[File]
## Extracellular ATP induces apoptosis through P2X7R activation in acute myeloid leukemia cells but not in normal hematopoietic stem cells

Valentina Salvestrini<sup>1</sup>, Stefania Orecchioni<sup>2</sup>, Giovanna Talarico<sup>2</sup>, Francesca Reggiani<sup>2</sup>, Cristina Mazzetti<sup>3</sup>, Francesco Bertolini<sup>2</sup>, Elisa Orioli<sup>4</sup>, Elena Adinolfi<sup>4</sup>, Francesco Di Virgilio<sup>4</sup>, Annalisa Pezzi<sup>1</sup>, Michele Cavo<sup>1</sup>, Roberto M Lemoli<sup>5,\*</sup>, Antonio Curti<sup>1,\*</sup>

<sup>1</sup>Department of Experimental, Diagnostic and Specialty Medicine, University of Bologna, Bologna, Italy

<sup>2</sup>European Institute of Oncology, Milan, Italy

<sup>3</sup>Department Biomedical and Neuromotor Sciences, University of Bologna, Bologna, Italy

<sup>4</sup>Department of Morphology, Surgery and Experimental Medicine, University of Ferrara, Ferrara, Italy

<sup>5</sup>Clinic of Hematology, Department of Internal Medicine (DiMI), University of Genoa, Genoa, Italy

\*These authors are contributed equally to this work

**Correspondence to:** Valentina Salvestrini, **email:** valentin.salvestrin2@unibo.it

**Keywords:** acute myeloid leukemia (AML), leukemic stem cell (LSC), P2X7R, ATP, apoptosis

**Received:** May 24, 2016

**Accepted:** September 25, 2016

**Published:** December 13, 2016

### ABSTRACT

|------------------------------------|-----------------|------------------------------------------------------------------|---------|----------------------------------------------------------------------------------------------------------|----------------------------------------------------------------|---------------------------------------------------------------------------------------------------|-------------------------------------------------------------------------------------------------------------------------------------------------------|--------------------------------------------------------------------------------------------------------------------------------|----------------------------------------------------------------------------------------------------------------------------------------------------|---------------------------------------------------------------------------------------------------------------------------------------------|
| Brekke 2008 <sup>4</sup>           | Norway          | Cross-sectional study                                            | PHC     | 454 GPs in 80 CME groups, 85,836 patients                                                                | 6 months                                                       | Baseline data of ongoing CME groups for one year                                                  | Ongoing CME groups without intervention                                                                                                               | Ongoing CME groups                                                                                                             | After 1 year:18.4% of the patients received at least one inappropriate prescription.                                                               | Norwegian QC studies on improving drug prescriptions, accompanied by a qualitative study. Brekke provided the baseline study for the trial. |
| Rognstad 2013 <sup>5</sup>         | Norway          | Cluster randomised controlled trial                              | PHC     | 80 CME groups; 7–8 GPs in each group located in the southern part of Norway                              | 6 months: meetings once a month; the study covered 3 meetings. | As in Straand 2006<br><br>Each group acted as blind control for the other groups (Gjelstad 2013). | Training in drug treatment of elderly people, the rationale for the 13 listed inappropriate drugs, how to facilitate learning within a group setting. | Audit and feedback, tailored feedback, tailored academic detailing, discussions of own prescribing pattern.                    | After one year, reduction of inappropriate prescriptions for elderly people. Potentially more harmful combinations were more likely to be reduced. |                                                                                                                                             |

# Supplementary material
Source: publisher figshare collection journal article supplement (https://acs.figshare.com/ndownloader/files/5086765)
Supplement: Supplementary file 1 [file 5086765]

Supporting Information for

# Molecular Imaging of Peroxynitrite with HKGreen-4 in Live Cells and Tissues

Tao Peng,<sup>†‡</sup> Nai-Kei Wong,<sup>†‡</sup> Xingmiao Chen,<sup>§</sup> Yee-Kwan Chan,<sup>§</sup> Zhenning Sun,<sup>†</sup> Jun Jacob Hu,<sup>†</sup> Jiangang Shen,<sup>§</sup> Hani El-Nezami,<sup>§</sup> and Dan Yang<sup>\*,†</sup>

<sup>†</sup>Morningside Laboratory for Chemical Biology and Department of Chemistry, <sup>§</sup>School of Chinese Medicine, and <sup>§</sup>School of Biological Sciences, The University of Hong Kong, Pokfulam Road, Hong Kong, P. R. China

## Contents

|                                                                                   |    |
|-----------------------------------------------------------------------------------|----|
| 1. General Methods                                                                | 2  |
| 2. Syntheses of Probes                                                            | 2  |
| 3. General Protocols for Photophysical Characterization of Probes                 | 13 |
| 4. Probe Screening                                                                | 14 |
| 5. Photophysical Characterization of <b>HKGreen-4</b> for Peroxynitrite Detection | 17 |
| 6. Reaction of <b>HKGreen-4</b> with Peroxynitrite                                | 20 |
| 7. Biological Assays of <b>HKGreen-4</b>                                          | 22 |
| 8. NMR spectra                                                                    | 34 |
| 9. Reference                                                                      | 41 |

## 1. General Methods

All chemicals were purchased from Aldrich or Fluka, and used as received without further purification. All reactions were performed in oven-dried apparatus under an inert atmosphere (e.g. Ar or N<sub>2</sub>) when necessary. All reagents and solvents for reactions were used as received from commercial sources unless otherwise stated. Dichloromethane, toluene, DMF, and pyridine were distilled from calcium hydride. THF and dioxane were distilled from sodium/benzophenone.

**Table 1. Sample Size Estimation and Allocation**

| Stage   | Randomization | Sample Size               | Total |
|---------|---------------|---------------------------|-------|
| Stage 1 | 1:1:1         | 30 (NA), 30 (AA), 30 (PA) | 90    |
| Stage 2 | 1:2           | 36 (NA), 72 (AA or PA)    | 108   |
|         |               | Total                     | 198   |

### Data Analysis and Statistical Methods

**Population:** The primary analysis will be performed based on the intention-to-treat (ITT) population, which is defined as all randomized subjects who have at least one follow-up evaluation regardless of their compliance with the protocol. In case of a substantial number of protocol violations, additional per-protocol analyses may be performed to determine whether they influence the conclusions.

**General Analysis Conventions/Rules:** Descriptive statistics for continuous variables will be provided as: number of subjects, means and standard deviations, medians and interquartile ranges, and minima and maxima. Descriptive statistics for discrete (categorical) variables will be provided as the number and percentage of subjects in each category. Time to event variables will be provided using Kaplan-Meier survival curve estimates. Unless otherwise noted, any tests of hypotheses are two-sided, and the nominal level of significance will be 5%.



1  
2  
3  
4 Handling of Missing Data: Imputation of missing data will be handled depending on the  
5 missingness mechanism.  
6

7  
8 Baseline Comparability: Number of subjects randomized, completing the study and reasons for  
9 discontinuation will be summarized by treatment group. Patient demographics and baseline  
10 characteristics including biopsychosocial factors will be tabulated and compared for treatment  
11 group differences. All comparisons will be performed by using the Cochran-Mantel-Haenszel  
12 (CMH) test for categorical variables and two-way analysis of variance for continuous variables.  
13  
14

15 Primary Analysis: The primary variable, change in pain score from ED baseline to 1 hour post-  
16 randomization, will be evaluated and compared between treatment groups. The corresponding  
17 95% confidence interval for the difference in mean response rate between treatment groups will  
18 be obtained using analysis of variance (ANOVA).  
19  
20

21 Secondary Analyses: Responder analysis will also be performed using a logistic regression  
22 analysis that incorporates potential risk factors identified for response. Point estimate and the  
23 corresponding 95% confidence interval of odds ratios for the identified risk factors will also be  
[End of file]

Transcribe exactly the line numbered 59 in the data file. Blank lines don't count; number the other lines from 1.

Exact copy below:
12 (CMH) test for categorical variables and two-way analysis of variance for continuous variables.  